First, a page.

See? It’s not a grand, sweeping, world-altering conflict, but it’s a conflict! She is unsure! She took a risk! She doesn’t know what will happen! There is uncertainty! those are all signs of a conflict.

The truth is that if your story doesn’t have a conflict driving its characters forward, no matter how pretty your language is, your reader will probably disengage. A story without a conflict is essentially a story without a plot.

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1This story will probably never see the light of day, and we’re all better for it, trust me.

2While this story is marginally better than The One With No Conflict, you really don’t want to read this one either.

Dissecting ARIAH’s Opening Paragraph

Every couple of months, a new listicle pops up on my Facebook or Twitter feed rounding up the greatest opening lines in literature. Or there’s pitchmases. Or there are improve-your-writing articles about landing an agent by sharpening your opening sentences. Obviously the start of a story is important. I think, on that, we can all agree. Today I thought I’d walk you through the evolution of some of my opening lines.

This is the opening paragraph of my second novel, Ariah, which was released last week:

There are times I still have nightmares about that first day in Rabatha. I’d come from Ardijan, which is a small place built around the river and the factories. It’s a town that is mostly inhabited by the elves who work the factories with a smattering of Qin foremen and administrators. We outnumber them there. We’re still poor and overworked, we still get hassled, but there is a comfort in numbers. It was a comfort so deeply bred in me that stepping off the train in Rabatha was a harrowing experience. The train, a loud, violent thing that cloaked half the city in steam, plowed right into the center of the city and dropped me off only three streets away from the palace. Even with all the steam, I could see its spires and domes. Even with all the commotion, I could hear the barked orders and vicious slurs of the Qin enforcement agents.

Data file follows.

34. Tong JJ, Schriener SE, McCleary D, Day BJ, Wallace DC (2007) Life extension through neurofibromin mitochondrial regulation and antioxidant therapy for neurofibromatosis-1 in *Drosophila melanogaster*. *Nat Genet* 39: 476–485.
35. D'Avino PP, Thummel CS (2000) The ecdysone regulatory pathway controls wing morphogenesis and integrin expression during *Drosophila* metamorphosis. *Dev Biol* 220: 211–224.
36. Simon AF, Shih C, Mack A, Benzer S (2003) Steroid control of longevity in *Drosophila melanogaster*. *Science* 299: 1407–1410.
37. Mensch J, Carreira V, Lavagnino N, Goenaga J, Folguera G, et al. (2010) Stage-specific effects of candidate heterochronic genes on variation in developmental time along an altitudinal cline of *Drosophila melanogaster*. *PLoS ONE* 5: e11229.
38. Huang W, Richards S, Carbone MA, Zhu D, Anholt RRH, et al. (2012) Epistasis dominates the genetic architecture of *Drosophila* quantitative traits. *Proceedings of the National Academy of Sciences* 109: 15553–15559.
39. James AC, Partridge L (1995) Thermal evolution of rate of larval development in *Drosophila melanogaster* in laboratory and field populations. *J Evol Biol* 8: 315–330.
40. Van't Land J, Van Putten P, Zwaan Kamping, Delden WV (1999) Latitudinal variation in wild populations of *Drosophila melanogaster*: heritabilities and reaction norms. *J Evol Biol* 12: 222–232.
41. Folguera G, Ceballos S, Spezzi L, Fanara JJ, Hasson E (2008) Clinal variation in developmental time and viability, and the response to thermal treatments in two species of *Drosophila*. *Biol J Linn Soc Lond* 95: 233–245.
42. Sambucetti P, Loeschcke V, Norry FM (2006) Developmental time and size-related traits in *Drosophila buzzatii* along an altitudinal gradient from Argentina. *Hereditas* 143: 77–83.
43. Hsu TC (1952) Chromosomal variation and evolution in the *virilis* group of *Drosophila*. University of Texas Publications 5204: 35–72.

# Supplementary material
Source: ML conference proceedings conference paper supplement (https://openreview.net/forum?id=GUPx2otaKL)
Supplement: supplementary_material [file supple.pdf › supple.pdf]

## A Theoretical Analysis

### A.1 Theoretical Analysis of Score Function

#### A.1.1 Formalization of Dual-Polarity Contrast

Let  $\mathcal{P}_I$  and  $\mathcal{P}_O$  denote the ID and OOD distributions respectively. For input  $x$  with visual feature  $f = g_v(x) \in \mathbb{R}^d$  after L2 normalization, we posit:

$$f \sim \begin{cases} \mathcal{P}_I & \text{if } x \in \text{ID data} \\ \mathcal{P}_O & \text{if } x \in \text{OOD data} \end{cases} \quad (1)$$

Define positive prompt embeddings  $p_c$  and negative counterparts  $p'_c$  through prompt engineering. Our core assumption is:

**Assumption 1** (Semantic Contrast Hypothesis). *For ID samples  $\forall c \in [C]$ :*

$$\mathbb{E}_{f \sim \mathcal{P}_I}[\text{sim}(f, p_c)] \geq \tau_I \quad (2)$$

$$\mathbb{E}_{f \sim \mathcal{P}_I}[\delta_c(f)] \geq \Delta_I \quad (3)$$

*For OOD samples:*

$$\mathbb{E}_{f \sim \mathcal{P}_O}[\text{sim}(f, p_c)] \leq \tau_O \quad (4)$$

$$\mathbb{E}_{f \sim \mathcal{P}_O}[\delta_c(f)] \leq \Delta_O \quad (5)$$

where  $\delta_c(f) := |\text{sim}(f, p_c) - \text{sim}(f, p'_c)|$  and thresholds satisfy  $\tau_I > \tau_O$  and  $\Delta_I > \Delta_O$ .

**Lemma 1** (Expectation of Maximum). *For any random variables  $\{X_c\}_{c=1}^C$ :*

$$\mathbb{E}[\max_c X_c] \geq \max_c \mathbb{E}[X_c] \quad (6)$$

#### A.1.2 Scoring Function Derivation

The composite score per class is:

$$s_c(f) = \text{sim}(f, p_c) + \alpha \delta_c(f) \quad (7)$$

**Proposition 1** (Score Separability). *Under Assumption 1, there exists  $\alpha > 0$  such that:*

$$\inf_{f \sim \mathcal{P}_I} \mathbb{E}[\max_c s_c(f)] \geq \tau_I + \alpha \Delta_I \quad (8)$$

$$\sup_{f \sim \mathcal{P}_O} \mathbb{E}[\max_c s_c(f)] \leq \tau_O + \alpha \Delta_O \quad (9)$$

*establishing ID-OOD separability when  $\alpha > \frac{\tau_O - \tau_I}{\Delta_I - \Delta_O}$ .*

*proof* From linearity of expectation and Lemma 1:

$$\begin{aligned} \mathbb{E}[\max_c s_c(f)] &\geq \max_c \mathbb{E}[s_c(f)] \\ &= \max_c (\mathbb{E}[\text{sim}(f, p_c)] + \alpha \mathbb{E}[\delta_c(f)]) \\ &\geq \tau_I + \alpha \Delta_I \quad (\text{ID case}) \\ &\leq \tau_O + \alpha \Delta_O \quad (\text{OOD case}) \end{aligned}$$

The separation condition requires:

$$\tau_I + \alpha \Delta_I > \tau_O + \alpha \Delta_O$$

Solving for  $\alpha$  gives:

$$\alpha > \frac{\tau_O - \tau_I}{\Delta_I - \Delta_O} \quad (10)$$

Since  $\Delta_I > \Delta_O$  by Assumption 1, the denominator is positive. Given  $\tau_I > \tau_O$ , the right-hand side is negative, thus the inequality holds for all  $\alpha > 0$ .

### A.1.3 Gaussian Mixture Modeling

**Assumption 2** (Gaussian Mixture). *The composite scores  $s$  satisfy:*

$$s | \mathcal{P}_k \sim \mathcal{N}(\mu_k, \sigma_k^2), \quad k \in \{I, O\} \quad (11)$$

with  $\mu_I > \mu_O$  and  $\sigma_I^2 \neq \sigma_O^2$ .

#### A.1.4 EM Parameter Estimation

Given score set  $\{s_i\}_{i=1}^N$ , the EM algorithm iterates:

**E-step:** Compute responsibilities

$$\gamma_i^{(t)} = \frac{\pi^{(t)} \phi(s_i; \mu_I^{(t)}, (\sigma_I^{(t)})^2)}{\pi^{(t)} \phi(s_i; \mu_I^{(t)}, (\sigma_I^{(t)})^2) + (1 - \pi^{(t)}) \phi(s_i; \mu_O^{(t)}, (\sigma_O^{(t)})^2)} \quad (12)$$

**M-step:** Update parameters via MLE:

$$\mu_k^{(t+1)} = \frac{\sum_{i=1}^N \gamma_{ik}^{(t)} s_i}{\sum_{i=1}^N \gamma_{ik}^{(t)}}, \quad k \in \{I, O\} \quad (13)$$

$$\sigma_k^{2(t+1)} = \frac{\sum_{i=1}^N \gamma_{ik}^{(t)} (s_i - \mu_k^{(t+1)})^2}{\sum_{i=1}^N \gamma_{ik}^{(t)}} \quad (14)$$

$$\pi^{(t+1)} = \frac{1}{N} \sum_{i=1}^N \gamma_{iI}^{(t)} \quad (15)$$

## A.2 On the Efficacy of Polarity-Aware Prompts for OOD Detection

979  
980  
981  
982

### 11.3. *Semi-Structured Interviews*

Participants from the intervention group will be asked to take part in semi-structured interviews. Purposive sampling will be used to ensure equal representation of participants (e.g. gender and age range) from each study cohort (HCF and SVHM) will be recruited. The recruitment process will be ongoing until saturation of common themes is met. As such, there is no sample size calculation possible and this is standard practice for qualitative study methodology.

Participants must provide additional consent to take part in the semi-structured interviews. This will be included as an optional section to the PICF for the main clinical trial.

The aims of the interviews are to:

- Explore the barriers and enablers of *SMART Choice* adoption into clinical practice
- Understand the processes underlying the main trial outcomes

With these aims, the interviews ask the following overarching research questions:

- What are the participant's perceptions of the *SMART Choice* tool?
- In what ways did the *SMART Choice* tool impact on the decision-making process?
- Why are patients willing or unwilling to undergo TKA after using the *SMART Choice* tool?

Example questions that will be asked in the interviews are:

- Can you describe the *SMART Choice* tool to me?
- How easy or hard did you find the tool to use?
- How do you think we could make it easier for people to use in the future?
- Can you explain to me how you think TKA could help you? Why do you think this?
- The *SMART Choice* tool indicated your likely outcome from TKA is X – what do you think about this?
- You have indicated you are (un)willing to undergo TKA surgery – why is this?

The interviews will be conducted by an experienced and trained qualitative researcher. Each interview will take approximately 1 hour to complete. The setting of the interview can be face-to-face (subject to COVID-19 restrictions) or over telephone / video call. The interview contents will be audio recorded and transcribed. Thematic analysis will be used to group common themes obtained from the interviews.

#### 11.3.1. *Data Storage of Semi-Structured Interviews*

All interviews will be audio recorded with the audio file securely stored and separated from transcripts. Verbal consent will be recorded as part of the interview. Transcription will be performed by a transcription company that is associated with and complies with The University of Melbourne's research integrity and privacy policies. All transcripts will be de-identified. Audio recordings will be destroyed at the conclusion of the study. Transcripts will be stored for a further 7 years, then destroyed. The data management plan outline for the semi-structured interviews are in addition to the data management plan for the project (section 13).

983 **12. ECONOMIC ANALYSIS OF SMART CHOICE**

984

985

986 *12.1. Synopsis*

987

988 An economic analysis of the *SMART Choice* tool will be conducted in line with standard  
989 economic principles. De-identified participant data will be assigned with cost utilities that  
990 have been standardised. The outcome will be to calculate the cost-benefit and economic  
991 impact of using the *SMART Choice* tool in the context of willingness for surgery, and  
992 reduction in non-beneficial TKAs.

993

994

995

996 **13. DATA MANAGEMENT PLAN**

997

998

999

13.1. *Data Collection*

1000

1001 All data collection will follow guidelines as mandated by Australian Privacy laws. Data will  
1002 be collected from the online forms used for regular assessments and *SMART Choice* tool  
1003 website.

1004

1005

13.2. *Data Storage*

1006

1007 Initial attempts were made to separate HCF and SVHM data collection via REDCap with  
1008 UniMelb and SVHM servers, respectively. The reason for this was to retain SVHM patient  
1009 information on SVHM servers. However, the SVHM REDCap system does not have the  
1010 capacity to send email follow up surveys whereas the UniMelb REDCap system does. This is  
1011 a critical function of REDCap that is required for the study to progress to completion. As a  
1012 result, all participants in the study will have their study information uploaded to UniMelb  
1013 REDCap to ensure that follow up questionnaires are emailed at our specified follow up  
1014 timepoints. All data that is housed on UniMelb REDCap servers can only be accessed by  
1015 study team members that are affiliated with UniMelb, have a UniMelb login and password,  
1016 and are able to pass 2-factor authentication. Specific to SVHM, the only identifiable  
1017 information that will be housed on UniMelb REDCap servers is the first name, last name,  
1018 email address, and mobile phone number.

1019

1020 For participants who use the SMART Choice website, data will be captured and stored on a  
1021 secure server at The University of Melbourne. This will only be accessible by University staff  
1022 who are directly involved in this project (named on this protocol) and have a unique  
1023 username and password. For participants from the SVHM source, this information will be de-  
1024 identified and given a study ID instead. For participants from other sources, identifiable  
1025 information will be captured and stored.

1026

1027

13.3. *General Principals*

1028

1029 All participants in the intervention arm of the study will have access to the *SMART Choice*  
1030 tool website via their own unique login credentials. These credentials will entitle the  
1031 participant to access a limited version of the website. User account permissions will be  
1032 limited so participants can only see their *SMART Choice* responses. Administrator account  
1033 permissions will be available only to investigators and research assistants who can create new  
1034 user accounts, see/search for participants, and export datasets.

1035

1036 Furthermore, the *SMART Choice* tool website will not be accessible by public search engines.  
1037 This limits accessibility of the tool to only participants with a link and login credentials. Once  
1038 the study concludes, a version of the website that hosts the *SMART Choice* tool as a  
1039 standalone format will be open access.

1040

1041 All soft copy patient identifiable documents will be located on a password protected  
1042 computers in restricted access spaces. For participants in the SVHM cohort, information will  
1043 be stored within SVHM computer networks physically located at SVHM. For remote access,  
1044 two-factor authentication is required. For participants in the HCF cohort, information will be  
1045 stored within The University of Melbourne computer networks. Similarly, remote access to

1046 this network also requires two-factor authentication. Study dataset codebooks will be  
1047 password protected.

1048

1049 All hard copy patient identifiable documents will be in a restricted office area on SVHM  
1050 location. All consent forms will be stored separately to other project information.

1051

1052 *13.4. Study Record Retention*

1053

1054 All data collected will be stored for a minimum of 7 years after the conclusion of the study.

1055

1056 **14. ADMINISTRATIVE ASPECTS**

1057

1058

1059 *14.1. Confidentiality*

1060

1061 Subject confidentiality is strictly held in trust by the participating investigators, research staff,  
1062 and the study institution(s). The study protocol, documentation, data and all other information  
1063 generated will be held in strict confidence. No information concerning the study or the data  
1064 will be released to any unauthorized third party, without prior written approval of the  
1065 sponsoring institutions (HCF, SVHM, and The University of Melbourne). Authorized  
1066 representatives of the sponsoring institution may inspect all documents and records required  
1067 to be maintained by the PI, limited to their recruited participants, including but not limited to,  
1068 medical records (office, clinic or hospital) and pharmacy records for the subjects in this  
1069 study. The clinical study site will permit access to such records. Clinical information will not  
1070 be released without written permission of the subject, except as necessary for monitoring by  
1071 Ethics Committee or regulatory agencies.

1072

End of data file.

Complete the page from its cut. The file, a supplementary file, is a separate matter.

In order to craft successful opening lines, you may need to take a step back and consider what you want them to do. This is your first interaction with your reader. These sentences have to set your tone, kick off your plot, introduce your setting and your characters—any number of things. Choose wisely. In the case of Ariah, I really needed to emphasize:

  • The story is told in retrospect
  • Ariah’s deep emotional sensitivity (he still has nightmares)
  • Ariah is an elf, which is an oppressed class in this world (there are slurs thrown at him when he arrives)
  • Create a sense of urgency and chaos in the reader

Ok, compare that to the opening of the first draft of Ariah*: